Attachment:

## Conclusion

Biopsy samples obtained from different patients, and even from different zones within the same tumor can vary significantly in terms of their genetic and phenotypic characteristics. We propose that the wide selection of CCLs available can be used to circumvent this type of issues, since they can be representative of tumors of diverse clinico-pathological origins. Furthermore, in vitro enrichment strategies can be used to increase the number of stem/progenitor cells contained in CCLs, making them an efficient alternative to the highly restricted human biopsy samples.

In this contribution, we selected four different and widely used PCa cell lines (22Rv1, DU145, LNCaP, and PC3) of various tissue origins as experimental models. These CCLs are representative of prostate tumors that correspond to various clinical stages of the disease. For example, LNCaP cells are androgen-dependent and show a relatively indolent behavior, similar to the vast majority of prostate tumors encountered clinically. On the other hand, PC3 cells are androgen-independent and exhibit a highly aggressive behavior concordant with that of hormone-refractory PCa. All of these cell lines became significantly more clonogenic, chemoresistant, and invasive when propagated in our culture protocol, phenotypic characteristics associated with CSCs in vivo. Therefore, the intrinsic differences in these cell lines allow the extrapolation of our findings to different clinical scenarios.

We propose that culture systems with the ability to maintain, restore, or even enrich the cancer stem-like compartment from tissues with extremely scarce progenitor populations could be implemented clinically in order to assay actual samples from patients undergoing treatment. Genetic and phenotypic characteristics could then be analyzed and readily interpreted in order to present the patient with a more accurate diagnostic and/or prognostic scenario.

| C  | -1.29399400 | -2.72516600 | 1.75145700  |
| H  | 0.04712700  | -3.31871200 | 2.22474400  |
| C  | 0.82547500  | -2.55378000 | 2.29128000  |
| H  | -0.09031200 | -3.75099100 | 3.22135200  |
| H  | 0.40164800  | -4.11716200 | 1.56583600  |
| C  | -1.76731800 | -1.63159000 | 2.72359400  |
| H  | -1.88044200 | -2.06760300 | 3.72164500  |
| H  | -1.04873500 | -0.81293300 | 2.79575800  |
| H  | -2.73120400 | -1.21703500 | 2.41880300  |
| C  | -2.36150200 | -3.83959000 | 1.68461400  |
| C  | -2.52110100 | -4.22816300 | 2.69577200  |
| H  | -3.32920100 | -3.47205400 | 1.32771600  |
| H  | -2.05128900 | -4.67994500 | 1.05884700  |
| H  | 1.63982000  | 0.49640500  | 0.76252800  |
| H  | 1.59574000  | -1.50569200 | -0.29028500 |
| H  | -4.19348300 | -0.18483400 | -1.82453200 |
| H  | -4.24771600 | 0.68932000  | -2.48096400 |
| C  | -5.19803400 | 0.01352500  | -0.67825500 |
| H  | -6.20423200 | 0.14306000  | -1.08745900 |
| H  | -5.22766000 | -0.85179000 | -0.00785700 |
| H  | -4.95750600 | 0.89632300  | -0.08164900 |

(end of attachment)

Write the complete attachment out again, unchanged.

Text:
## Conclusion

Biopsy samples obtained from different patients, and even from different zones within the same tumor can vary significantly in terms of their genetic and phenotypic characteristics. We propose that the wide selection of CCLs available can be used to circumvent this type of issues, since they can be representative of tumors of diverse clinico-pathological origins. Furthermore, in vitro enrichment strategies can be used to increase the number of stem/progenitor cells contained in CCLs, making them an efficient alternative to the highly restricted human biopsy samples.

In this contribution, we selected four different and widely used PCa cell lines (22Rv1, DU145, LNCaP, and PC3) of various tissue origins as experimental models. These CCLs are representative of prostate tumors that correspond to various clinical stages of the disease. For example, LNCaP cells are androgen-dependent and show a relatively indolent behavior, similar to the vast majority of prostate tumors encountered clinically. On the other hand, PC3 cells are androgen-independent and exhibit a highly aggressive behavior concordant with that of hormone-refractory PCa. All of these cell lines became significantly more clonogenic, chemoresistant, and invasive when propagated in our culture protocol, phenotypic characteristics associated with CSCs in vivo. Therefore, the intrinsic differences in these cell lines allow the extrapolation of our findings to different clinical scenarios.

We propose that culture systems with the ability to maintain, restore, or even enrich the cancer stem-like compartment from tissues with extremely scarce progenitor populations could be implemented clinically in order to assay actual samples from patients undergoing treatment. Genetic and phenotypic characteristics could then be analyzed and readily interpreted in order to present the patient with a more accurate diagnostic and/or prognostic scenario.

| C  | -1.29399400 | -2.72516600 | 1.75145700  |
| H  | 0.04712700  | -3.31871200 | 2.22474400  |
| C  | 0.82547500  | -2.55378000 | 2.29128000  |
| H  | -0.09031200 | -3.75099100 | 3.22135200  |
| H  | 0.40164800  | -4.11716200 | 1.56583600  |
| C  | -1.76731800 | -1.63159000 | 2.72359400  |
| H  | -1.88044200 | -2.06760300 | 3.72164500  |
| H  | -1.04873500 | -0.81293300 | 2.79575800  |
| H  | -2.73120400 | -1.21703500 | 2.41880300  |
| C  | -2.36150200 | -3.83959000 | 1.68461400  |
| C  | -2.52110100 | -4.22816300 | 2.69577200  |
| H  | -3.32920100 | -3.47205400 | 1.32771600  |
| H  | -2.05128900 | -4.67994500 | 1.05884700  |
| H  | 1.63982000  | 0.49640500  | 0.76252800  |
| H  | 1.59574000  | -1.50569200 | -0.29028500 |
| H  | -4.19348300 | -0.18483400 | -1.82453200 |
| H  | -4.24771600 | 0.68932000  | -2.48096400 |
| C  | -5.19803400 | 0.01352500  | -0.67825500 |
| H  | -6.20423200 | 0.14306000  | -1.08745900 |
| H  | -5.22766000 | -0.85179000 | -0.00785700 |
| H  | -4.95750600 | 0.89632300  | -0.08164900 |